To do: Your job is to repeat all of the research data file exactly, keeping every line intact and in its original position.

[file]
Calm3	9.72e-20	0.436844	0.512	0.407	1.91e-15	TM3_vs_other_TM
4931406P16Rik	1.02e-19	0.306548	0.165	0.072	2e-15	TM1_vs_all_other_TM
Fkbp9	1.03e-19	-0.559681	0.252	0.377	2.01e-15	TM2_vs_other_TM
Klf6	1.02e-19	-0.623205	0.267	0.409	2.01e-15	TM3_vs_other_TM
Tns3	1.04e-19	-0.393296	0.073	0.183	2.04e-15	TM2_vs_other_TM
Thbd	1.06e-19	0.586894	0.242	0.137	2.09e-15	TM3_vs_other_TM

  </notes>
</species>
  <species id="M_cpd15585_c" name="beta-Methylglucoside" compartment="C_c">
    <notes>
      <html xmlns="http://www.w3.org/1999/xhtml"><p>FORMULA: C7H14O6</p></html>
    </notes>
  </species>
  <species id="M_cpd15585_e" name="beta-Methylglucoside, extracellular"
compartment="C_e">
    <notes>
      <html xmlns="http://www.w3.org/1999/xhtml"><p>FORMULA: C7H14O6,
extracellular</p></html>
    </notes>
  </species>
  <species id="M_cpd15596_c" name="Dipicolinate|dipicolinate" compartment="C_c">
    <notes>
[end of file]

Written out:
Calm3	9.72e-20	0.436844	0.512	0.407	1.91e-15	TM3_vs_other_TM
4931406P16Rik	1.02e-19	0.306548	0.165	0.072	2e-15	TM1_vs_all_other_TM
Fkbp9	1.03e-19	-0.559681	0.252	0.377	2.01e-15	TM2_vs_other_TM
Klf6	1.02e-19	-0.623205	0.267	0.409	2.01e-15	TM3_vs_other_TM
Tns3	1.04e-19	-0.393296	0.073	0.183	2.04e-15	TM2_vs_other_TM
Thbd	1.06e-19	0.586894	0.242	0.137	2.09e-15	TM3_vs_other_TM

  </notes>
</species>
  <species id="M_cpd15585_c" name="beta-Methylglucoside" compartment="C_c">
    <notes>
      <html xmlns="http://www.w3.org/1999/xhtml"><p>FORMULA: C7H14O6</p></html>
    </notes>
  </species>
  <species id="M_cpd15585_e" name="beta-Methylglucoside, extracellular"
compartment="C_e">
    <notes>
      <html xmlns="http://www.w3.org/1999/xhtml"><p>FORMULA: C7H14O6,
extracellular</p></html>
    </notes>
  </species>
  <species id="M_cpd15596_c" name="Dipicolinate|dipicolinate" compartment="C_c">
    <notes>